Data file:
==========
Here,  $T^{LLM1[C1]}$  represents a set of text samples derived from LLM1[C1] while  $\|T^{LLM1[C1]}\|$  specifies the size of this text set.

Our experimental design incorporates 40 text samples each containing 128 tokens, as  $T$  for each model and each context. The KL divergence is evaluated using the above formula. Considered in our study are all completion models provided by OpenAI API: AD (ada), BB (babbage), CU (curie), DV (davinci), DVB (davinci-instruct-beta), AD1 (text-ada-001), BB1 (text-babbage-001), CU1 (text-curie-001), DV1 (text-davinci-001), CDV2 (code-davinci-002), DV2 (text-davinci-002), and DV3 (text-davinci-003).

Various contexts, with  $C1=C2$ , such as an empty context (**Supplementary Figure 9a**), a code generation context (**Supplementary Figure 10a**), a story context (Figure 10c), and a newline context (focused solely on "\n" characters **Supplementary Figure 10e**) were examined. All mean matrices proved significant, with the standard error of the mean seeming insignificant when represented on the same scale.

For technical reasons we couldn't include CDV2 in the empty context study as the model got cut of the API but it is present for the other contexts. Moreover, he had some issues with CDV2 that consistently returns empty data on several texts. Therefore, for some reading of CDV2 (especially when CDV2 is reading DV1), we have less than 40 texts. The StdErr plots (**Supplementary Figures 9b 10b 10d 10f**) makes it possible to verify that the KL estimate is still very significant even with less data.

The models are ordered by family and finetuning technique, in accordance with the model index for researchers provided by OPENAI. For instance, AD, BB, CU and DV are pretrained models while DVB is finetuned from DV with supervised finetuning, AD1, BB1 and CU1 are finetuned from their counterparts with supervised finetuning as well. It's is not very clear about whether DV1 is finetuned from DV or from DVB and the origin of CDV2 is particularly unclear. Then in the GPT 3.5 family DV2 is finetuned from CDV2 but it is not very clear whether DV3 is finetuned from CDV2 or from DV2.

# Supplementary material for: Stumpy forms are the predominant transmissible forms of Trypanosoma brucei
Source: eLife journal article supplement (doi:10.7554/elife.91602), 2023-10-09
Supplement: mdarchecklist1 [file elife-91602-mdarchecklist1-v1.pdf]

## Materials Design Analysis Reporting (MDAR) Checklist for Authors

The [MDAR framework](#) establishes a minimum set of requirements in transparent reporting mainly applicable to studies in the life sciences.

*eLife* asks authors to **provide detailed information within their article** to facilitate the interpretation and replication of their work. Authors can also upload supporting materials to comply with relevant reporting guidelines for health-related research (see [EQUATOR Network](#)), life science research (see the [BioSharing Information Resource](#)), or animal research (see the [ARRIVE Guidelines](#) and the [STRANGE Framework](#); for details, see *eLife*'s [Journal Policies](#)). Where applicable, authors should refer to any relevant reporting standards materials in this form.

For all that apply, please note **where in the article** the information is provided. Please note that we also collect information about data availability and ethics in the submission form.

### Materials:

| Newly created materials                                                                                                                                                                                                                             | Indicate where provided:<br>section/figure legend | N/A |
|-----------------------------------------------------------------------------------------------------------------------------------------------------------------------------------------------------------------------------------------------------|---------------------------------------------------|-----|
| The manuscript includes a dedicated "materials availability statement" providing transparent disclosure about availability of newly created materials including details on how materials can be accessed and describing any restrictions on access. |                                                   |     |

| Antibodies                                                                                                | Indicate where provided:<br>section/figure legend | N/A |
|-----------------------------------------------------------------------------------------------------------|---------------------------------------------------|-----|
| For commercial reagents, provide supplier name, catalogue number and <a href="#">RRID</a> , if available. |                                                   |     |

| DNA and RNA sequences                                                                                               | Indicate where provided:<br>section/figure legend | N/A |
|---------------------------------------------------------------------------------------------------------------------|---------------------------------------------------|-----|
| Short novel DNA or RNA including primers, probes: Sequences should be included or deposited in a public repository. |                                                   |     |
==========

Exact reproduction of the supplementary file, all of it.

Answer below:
Here,  $T^{LLM1[C1]}$  represents a set of text samples derived from LLM1[C1] while  $\|T^{LLM1[C1]}\|$  specifies the size of this text set.

Our experimental design incorporates 40 text samples each containing 128 tokens, as  $T$  for each model and each context. The KL divergence is evaluated using the above formula. Considered in our study are all completion models provided by OpenAI API: AD (ada), BB (babbage), CU (curie), DV (davinci), DVB (davinci-instruct-beta), AD1 (text-ada-001), BB1 (text-babbage-001), CU1 (text-curie-001), DV1 (text-davinci-001), CDV2 (code-davinci-002), DV2 (text-davinci-002), and DV3 (text-davinci-003).

Various contexts, with  $C1=C2$ , such as an empty context (**Supplementary Figure 9a**), a code generation context (**Supplementary Figure 10a**), a story context (Figure 10c), and a newline context (focused solely on "\n" characters **Supplementary Figure 10e**) were examined. All mean matrices proved significant, with the standard error of the mean seeming insignificant when represented on the same scale.

For technical reasons we couldn't include CDV2 in the empty context study as the model got cut of the API but it is present for the other contexts. Moreover, he had some issues with CDV2 that consistently returns empty data on several texts. Therefore, for some reading of CDV2 (especially when CDV2 is reading DV1), we have less than 40 texts. The StdErr plots (**Supplementary Figures 9b 10b 10d 10f**) makes it possible to verify that the KL estimate is still very significant even with less data.

The models are ordered by family and finetuning technique, in accordance with the model index for researchers provided by OPENAI. For instance, AD, BB, CU and DV are pretrained models while DVB is finetuned from DV with supervised finetuning, AD1, BB1 and CU1 are finetuned from their counterparts with supervised finetuning as well. It's is not very clear about whether DV1 is finetuned from DV or from DVB and the origin of CDV2 is particularly unclear. Then in the GPT 3.5 family DV2 is finetuned from CDV2 but it is not very clear whether DV3 is finetuned from CDV2 or from DV2.

# Supplementary material for: Stumpy forms are the predominant transmissible forms of Trypanosoma brucei
Source: eLife journal article supplement (doi:10.7554/elife.91602), 2023-10-09
Supplement: mdarchecklist1 [file elife-91602-mdarchecklist1-v1.pdf]

## Materials Design Analysis Reporting (MDAR) Checklist for Authors

The [MDAR framework](#) establishes a minimum set of requirements in transparent reporting mainly applicable to studies in the life sciences.

*eLife* asks authors to **provide detailed information within their article** to facilitate the interpretation and replication of their work. Authors can also upload supporting materials to comply with relevant reporting guidelines for health-related research (see [EQUATOR Network](#)), life science research (see the [BioSharing Information Resource](#)), or animal research (see the [ARRIVE Guidelines](#) and the [STRANGE Framework](#); for details, see *eLife*'s [Journal Policies](#)). Where applicable, authors should refer to any relevant reporting standards materials in this form.

For all that apply, please note **where in the article** the information is provided. Please note that we also collect information about data availability and ethics in the submission form.

### Materials:

| Newly created materials                                                                                                                                                                                                                             | Indicate where provided:<br>section/figure legend | N/A |
|-----------------------------------------------------------------------------------------------------------------------------------------------------------------------------------------------------------------------------------------------------|---------------------------------------------------|-----|
| The manuscript includes a dedicated "materials availability statement" providing transparent disclosure about availability of newly created materials including details on how materials can be accessed and describing any restrictions on access. |                                                   |     |

| Antibodies                                                                                                | Indicate where provided:<br>section/figure legend | N/A |
|-----------------------------------------------------------------------------------------------------------|---------------------------------------------------|-----|
| For commercial reagents, provide supplier name, catalogue number and <a href="#">RRID</a> , if available. |                                                   |     |

| DNA and RNA sequences                                                                                               | Indicate where provided:<br>section/figure legend | N/A |
|---------------------------------------------------------------------------------------------------------------------|---------------------------------------------------|-----|
| Short novel DNA or RNA including primers, probes: Sequences should be included or deposited in a public repository. |                                                   |     |